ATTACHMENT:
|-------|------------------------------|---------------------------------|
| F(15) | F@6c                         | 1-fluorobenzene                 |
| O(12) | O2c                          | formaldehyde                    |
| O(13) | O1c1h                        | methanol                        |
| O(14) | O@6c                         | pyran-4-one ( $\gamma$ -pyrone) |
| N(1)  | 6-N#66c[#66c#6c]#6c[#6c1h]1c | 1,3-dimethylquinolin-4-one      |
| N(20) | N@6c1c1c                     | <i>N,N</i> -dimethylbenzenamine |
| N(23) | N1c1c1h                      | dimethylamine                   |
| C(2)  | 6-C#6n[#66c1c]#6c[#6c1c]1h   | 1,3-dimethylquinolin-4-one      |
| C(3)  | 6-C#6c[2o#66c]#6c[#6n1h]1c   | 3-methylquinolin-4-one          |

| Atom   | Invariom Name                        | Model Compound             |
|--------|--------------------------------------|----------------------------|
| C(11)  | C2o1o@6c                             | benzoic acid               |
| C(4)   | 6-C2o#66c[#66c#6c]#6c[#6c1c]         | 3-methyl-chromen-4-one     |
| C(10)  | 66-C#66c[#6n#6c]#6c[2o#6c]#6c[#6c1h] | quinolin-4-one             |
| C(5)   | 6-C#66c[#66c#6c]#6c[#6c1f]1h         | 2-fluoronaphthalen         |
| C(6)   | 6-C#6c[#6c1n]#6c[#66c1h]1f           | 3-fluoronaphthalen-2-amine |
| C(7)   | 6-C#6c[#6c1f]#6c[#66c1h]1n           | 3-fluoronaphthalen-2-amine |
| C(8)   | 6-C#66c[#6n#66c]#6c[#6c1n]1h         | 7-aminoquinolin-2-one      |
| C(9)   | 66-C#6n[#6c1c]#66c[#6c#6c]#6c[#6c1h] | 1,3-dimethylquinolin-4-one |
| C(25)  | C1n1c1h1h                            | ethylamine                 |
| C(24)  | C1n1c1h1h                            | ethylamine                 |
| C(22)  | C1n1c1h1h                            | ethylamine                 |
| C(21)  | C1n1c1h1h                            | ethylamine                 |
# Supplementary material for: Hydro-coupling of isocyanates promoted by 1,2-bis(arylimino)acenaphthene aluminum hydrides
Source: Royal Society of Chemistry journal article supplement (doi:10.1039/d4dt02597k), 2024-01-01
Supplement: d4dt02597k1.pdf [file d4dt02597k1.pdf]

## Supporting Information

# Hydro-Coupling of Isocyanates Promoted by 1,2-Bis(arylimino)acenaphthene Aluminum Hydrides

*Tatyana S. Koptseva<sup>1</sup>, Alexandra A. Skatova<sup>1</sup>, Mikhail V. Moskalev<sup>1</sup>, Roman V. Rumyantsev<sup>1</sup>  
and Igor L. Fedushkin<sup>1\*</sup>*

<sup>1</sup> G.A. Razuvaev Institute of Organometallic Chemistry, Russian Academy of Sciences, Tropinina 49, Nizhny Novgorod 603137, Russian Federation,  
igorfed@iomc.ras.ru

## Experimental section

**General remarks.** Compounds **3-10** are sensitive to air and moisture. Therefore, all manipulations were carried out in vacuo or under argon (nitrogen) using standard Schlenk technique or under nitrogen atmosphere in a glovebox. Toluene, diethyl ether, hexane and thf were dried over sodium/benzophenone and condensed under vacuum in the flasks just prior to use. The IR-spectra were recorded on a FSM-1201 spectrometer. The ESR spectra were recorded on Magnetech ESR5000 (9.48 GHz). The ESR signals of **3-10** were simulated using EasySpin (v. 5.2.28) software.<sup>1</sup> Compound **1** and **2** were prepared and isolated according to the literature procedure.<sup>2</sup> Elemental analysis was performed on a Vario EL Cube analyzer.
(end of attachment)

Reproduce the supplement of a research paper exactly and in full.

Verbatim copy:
|-------|------------------------------|---------------------------------|
| F(15) | F@6c                         | 1-fluorobenzene                 |
| O(12) | O2c                          | formaldehyde                    |
| O(13) | O1c1h                        | methanol                        |
| O(14) | O@6c                         | pyran-4-one ( $\gamma$ -pyrone) |
| N(1)  | 6-N#66c[#66c#6c]#6c[#6c1h]1c | 1,3-dimethylquinolin-4-one      |
| N(20) | N@6c1c1c                     | <i>N,N</i> -dimethylbenzenamine |
| N(23) | N1c1c1h                      | dimethylamine                   |
| C(2)  | 6-C#6n[#66c1c]#6c[#6c1c]1h   | 1,3-dimethylquinolin-4-one      |
| C(3)  | 6-C#6c[2o#66c]#6c[#6n1h]1c   | 3-methylquinolin-4-one          |

| Atom   | Invariom Name                        | Model Compound             |
|--------|--------------------------------------|----------------------------|
| C(11)  | C2o1o@6c                             | benzoic acid               |
| C(4)   | 6-C2o#66c[#66c#6c]#6c[#6c1c]         | 3-methyl-chromen-4-one     |
| C(10)  | 66-C#66c[#6n#6c]#6c[2o#6c]#6c[#6c1h] | quinolin-4-one             |
| C(5)   | 6-C#66c[#66c#6c]#6c[#6c1f]1h         | 2-fluoronaphthalen         |
| C(6)   | 6-C#6c[#6c1n]#6c[#66c1h]1f           | 3-fluoronaphthalen-2-amine |
| C(7)   | 6-C#6c[#6c1f]#6c[#66c1h]1n           | 3-fluoronaphthalen-2-amine |
| C(8)   | 6-C#66c[#6n#66c]#6c[#6c1n]1h         | 7-aminoquinolin-2-one      |
| C(9)   | 66-C#6n[#6c1c]#66c[#6c#6c]#6c[#6c1h] | 1,3-dimethylquinolin-4-one |
| C(25)  | C1n1c1h1h                            | ethylamine                 |
| C(24)  | C1n1c1h1h                            | ethylamine                 |
| C(22)  | C1n1c1h1h                            | ethylamine                 |
| C(21)  | C1n1c1h1h                            | ethylamine                 |
# Supplementary material for: Hydro-coupling of isocyanates promoted by 1,2-bis(arylimino)acenaphthene aluminum hydrides
Source: Royal Society of Chemistry journal article supplement (doi:10.1039/d4dt02597k), 2024-01-01
Supplement: d4dt02597k1.pdf [file d4dt02597k1.pdf]

## Supporting Information

# Hydro-Coupling of Isocyanates Promoted by 1,2-Bis(arylimino)acenaphthene Aluminum Hydrides

*Tatyana S. Koptseva<sup>1</sup>, Alexandra A. Skatova<sup>1</sup>, Mikhail V. Moskalev<sup>1</sup>, Roman V. Rumyantsev<sup>1</sup>  
and Igor L. Fedushkin<sup>1\*</sup>*

<sup>1</sup> G.A. Razuvaev Institute of Organometallic Chemistry, Russian Academy of Sciences, Tropinina 49, Nizhny Novgorod 603137, Russian Federation,  
igorfed@iomc.ras.ru

## Experimental section

**General remarks.** Compounds **3-10** are sensitive to air and moisture. Therefore, all manipulations were carried out in vacuo or under argon (nitrogen) using standard Schlenk technique or under nitrogen atmosphere in a glovebox. Toluene, diethyl ether, hexane and thf were dried over sodium/benzophenone and condensed under vacuum in the flasks just prior to use. The IR-spectra were recorded on a FSM-1201 spectrometer. The ESR spectra were recorded on Magnetech ESR5000 (9.48 GHz). The ESR signals of **3-10** were simulated using EasySpin (v. 5.2.28) software.<sup>1</sup> Compound **1** and **2** were prepared and isolated according to the literature procedure.<sup>2</sup> Elemental analysis was performed on a Vario EL Cube analyzer.